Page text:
Everyone loves a villain. In the world of tennis, for some time, it is Novak Djokovic who has been gloriously vilified and booed like the pantomime baddy.
Now, it is his legal status that has come under fire, the tennis world number 1 being deported from Australia, after losing a visa battle that pressed upon the fact that he was unvaccinated. It is a controversial decision, one that has shrouded the tennis media coverage for the last few days, but what does it all mean?
Some have described Djokovic’s deportation as an ‘Orwellian’ measure. Whilst Djokovic had yet to disclose his vaccination status, subtle hints from some previous commentary had suggested that he was “opposed to vaccination”. In the past, he had expressed concerns about being forced to take a vaccine, eliciting a response from professions who suggested he was spreading misconceptions. Yet, such arguments centre around the contestation of his personal choice. The extent to which human rights and free will are impinged upon under vaccine laws is an underlying issue. For some, Djokovic’s deportation has renewed the debate about vaccine laws and whether they are inherently compromising the individual. Imposing vaccine laws might seem like something out of Margaret Atwood’s The Handmaid’s Tale, cultivating a slippery slope in terms of the diminishing of human rights and personal freedoms.
But Djokovic’s “professional” status has also elicited many double standards. Many have been angered over the fact that some are permitted easy freedom of movement between countries and laws, whilst others have been unable to visit their beloved family members on the basis that they’re unvaccinated. Others have added that the protection and integrity of a country’s health measures and vaccine laws are paramount to ensure that the pandemic remains manageable. However, the decision to permit Djokovic’s entry into Australia, which was then revoked, has highlighted the blurring boundaries of the law. His situation has been riddled with contradictions.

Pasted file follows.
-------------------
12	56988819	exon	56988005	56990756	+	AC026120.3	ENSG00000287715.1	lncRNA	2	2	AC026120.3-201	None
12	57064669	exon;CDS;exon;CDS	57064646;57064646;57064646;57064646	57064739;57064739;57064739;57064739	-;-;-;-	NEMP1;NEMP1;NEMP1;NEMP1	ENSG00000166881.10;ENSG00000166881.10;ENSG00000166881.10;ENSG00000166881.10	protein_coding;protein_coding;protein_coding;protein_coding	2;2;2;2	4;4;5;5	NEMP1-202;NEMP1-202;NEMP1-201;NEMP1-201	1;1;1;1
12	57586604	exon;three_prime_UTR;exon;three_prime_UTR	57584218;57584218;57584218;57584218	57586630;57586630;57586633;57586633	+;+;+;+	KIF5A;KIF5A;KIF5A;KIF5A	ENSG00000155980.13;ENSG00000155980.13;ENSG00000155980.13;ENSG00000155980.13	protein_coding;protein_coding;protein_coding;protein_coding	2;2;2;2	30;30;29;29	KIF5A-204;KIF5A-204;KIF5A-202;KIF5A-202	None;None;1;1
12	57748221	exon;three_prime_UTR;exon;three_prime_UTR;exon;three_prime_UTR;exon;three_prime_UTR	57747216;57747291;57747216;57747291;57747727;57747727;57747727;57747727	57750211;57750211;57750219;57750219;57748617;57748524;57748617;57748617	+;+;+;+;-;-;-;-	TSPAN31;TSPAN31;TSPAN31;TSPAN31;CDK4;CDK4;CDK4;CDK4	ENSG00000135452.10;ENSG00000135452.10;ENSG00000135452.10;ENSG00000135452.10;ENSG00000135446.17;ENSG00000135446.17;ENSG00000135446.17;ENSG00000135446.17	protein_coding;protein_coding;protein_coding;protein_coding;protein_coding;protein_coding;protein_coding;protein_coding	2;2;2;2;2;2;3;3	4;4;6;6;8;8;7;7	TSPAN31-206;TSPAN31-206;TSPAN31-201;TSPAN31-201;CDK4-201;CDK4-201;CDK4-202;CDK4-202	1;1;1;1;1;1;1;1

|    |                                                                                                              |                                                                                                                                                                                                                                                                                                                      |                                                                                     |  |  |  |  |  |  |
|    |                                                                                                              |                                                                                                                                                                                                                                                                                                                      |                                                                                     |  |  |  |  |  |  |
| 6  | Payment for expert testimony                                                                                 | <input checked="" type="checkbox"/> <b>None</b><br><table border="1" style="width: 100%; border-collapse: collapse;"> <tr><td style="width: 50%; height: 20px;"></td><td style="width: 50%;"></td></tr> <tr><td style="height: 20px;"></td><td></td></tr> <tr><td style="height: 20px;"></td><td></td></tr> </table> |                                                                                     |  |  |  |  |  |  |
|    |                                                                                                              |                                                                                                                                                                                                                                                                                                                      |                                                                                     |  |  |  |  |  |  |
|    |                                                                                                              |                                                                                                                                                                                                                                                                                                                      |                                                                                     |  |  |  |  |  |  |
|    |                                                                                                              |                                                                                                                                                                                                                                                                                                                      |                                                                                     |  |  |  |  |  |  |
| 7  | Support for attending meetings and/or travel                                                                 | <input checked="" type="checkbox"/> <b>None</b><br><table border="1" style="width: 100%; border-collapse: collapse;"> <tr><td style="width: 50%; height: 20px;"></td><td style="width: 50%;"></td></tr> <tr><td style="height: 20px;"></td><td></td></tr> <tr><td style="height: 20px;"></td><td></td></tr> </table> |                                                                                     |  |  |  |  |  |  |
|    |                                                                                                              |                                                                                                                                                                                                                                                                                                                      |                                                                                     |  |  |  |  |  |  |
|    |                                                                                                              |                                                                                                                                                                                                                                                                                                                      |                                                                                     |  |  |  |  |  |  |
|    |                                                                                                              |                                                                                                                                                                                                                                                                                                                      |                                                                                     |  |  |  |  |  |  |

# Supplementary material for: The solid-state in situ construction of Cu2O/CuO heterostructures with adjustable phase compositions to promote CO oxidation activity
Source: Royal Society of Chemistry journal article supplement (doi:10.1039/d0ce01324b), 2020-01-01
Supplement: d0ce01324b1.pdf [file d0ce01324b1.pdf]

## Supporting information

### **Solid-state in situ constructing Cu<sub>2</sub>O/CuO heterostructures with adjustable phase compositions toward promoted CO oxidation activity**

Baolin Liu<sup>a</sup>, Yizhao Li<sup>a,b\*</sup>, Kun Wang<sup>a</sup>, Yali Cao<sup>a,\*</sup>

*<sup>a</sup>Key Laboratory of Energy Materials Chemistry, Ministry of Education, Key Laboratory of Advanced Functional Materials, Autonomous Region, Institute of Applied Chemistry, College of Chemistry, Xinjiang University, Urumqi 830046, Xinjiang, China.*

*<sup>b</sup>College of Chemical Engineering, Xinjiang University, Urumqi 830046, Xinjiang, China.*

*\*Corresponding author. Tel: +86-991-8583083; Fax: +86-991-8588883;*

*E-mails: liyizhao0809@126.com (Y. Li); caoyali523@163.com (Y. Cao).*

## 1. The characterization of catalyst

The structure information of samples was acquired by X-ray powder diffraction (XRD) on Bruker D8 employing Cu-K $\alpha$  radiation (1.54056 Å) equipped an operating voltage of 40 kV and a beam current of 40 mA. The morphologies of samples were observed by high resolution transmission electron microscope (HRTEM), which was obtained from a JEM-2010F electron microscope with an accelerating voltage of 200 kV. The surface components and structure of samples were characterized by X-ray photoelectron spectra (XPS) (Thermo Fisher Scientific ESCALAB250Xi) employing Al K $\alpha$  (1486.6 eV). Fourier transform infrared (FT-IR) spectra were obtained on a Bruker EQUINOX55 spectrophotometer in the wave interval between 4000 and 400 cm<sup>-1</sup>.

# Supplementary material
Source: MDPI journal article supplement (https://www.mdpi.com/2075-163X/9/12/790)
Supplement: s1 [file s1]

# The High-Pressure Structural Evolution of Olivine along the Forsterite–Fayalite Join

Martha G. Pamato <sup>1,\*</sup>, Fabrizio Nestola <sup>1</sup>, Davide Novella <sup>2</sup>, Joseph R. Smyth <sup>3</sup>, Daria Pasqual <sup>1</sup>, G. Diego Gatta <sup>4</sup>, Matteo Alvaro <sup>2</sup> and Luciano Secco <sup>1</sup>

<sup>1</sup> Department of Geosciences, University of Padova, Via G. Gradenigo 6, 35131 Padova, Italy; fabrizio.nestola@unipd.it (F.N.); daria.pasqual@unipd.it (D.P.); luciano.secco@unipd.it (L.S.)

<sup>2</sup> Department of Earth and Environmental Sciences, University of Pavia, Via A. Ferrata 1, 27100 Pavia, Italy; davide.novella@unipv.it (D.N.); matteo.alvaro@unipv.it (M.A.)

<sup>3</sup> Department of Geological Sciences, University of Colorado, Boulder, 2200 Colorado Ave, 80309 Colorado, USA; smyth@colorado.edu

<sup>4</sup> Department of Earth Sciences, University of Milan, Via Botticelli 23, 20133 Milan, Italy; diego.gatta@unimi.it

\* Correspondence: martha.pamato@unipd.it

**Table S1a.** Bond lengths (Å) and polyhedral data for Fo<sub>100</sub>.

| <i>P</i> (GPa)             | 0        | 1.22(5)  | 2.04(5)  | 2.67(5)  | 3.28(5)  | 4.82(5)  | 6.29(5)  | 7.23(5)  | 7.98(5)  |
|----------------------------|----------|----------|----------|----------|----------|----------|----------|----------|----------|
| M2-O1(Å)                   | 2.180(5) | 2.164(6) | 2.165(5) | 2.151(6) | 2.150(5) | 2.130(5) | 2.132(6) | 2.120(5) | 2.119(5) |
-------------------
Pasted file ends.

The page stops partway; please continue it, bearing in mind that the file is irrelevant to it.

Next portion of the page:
The response to Djokovic’s confirmed deportation has been thoroughly mixed. John McEnroe explicitly called the situation ‘total BS,’ claiming that, after granting Djokovic exemption on medical grounds, it was unfair to revoke his visa decision. Andy Murray has also criticised the decision, suggesting that tennis tournaments are less worthwhile when top players are absent – even more so when Djokovic was travelling to Australia this year to defend his title. Other players, including Emma Raducanu and Rafael Nadal, elicited their dismay that the media excitement in the run-up for the Australian open had been overshadowed by Djokovic’s deportation, politicising the sport rather than engaging with the tournament’s sporting interests.
After his deportation, Djokovic’s family released a statement condemning the decision and asserting their support for him and his team. However, in the wake of Australia’s decision lies suggestions that Djokovic might be banned from the French Open in May after politicians voted in new rules to ban unvaccinated participants from all sporting arenas. Such decisions highlight the crossovers between the sporting world and countries’ borders and laws. Whilst each country’s laws are passed with a view to protect their population’s interests and health, Djokovic’s situation has raised some interesting questions; the nature of personal choice; the double standards afforded to professional athletes; the confusion of governing laws; and the interests of the sporting world.